TouchCare, a Durham, N.C.-based telehealth company founded in 2013, is striving to make telehealth more intimate.
“Most third-party telehealth services assign patients to random doctors they don’t know,” says Dov Cohn, TouchCare’s senior vice president of products. “We focus on connecting patients with their own doctors and healthcare providers. Our approach builds on existing relationships, trust and access to previous health records. Those things are all shown to improve health outcomes.”
TouchCare offers more than just connectivity to patients; it helps doctors connect with each other, too. Providers to conduct HIPAA-compliant video consults with each other, talking face-to-face privately or sitting alongside a patient to present the case to a specialist anywhere in the world.
“By leveraging video for peer-to-peer consults, providers can improve communication through the care chain, helping eliminate misunderstandings or communication gaps and improving continuity of care,” Cohn says.
According to Cohn, TouchCare is designed for medical practices of all sizes, from solo providers to hospitals. The app requires no lengthy implementation, works within existing workflows and can be easily deployed with a simple download from the App Store.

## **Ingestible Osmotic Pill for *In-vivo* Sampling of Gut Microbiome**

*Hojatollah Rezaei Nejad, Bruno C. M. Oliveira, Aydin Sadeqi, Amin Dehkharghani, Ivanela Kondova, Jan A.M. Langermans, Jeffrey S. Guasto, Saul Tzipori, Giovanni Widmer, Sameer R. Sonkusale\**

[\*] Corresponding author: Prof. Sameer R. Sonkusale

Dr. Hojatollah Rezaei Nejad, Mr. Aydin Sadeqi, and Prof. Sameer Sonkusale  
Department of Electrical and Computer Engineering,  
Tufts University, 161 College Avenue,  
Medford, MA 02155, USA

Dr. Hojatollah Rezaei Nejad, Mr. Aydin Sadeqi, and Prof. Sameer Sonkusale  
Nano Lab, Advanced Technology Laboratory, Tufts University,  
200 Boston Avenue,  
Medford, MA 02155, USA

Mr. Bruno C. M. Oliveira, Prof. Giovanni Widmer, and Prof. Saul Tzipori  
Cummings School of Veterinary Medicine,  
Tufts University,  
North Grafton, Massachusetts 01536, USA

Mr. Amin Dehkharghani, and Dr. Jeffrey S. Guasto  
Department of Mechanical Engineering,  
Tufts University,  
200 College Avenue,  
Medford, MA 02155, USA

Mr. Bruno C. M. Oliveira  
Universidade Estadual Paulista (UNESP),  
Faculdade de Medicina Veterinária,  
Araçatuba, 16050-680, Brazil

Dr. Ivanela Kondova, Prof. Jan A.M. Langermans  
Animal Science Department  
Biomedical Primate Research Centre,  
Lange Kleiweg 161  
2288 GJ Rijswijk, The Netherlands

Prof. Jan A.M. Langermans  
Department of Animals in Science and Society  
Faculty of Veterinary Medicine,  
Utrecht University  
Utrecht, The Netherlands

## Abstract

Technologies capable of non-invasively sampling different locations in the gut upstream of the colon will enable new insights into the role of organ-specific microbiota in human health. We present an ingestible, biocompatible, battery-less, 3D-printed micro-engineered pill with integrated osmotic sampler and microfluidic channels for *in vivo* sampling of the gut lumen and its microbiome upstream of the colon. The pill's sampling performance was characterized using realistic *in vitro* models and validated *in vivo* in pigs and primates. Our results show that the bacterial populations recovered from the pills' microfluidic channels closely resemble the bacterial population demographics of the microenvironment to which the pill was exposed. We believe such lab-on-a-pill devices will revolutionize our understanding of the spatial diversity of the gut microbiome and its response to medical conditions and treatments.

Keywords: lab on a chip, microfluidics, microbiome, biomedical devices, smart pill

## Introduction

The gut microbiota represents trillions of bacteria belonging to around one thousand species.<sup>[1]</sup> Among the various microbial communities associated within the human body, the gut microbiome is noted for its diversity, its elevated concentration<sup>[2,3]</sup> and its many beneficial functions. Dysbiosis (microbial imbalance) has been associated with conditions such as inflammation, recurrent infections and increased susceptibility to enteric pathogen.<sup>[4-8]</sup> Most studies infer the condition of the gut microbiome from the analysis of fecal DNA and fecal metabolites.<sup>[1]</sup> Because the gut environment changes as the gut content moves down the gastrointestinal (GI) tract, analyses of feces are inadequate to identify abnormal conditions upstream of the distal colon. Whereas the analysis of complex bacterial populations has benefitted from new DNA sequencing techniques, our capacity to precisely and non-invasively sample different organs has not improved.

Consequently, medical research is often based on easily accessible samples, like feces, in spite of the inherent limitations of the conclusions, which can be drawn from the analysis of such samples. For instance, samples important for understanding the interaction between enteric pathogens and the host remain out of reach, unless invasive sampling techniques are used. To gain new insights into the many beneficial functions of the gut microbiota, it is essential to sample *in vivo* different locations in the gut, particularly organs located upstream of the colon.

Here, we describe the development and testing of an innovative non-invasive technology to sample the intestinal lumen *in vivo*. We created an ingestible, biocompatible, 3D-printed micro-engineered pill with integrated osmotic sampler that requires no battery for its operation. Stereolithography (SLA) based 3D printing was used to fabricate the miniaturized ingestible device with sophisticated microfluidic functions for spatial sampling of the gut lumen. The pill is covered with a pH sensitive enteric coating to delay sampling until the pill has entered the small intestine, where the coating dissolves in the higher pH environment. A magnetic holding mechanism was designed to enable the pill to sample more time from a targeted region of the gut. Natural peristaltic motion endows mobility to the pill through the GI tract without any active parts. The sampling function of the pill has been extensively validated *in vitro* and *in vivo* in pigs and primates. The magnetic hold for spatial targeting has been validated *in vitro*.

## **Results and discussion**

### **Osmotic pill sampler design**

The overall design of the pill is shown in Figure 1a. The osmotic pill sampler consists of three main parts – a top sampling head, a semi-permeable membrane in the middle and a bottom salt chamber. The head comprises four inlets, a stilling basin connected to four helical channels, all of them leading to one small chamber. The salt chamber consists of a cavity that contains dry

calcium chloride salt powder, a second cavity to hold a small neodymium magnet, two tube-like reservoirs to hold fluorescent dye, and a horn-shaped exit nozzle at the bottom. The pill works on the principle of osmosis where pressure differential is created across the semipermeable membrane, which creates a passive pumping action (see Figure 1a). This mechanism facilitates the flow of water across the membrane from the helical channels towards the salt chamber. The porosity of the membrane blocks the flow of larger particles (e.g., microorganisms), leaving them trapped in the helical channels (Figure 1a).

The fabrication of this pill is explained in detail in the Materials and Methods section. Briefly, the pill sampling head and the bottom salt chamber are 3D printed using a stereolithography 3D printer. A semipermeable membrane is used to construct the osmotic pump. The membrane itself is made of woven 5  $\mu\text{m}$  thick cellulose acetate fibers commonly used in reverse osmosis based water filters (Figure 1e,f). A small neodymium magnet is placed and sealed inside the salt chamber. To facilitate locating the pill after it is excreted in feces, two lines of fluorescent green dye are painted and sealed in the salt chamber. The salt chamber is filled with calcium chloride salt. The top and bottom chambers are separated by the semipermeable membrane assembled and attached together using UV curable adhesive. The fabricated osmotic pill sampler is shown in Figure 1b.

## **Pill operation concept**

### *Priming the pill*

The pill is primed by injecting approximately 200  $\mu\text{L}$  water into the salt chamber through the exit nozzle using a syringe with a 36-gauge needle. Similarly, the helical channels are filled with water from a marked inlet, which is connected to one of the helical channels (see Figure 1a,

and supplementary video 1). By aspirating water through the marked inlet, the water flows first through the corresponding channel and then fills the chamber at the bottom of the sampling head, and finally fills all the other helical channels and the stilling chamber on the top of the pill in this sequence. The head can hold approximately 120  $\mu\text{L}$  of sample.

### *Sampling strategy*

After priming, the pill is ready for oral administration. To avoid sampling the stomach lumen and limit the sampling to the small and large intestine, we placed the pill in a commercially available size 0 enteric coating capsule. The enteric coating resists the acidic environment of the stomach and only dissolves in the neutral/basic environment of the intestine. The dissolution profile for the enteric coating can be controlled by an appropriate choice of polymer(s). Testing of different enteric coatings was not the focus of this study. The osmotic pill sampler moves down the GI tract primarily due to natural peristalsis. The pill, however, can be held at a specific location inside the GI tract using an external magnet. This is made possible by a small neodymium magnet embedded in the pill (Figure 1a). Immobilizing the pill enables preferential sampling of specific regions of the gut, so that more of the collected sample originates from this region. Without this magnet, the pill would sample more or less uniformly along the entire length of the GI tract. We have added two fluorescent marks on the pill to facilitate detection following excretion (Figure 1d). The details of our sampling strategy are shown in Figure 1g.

Jennie Byrne, MD, a psychiatrist in Chapel Hill, N.C., uses TouchCare to augment visits with her patients, particularly if they can’t get into the office or if she or her patients are traveling. She also alternates in-person visits with telehealth visits for patients who live far away.
Byrne determines which patients should use TouchCare by their level of acuity, she says. Patients who are likely to need to go to an emergency department, or substance abuse patients whose conditions are precarious are not candidates for telehealth visits, she says.
Overall, her patients like it and they engage well with TouchCare, she says. Younger patients take to it immediately, and older patients, once they are familiar with it, also like it.
Byrne says she likes using TouchCare because it gives her access to her patients in circumstances when she might not normally have access. “It’s not the same as face-to-face, which is ideal. But, it’s pretty close,” she says.
One challenge with the technology is that it’s sometimes difficult to make direct eye contact, because of the camera location on most PCs. And Internet disruptions sometimes disturb the telehealth visit. “For the most part, today’s bandwidth capabilities can easily handle it,” she says.
Byrne says she sees the use of telehealth visits “increasing exponentially” in the future, especially in rural areas, where access to physicians is limited.
TouchCare is planning some new products and looking for ways to facilitate more on-demand services between patients and their doctors, Cohn says, adding that the company is pursuing new ways of using telehealth with more stakeholders, including insurance providers, employers and healthcare exchanges, he says.
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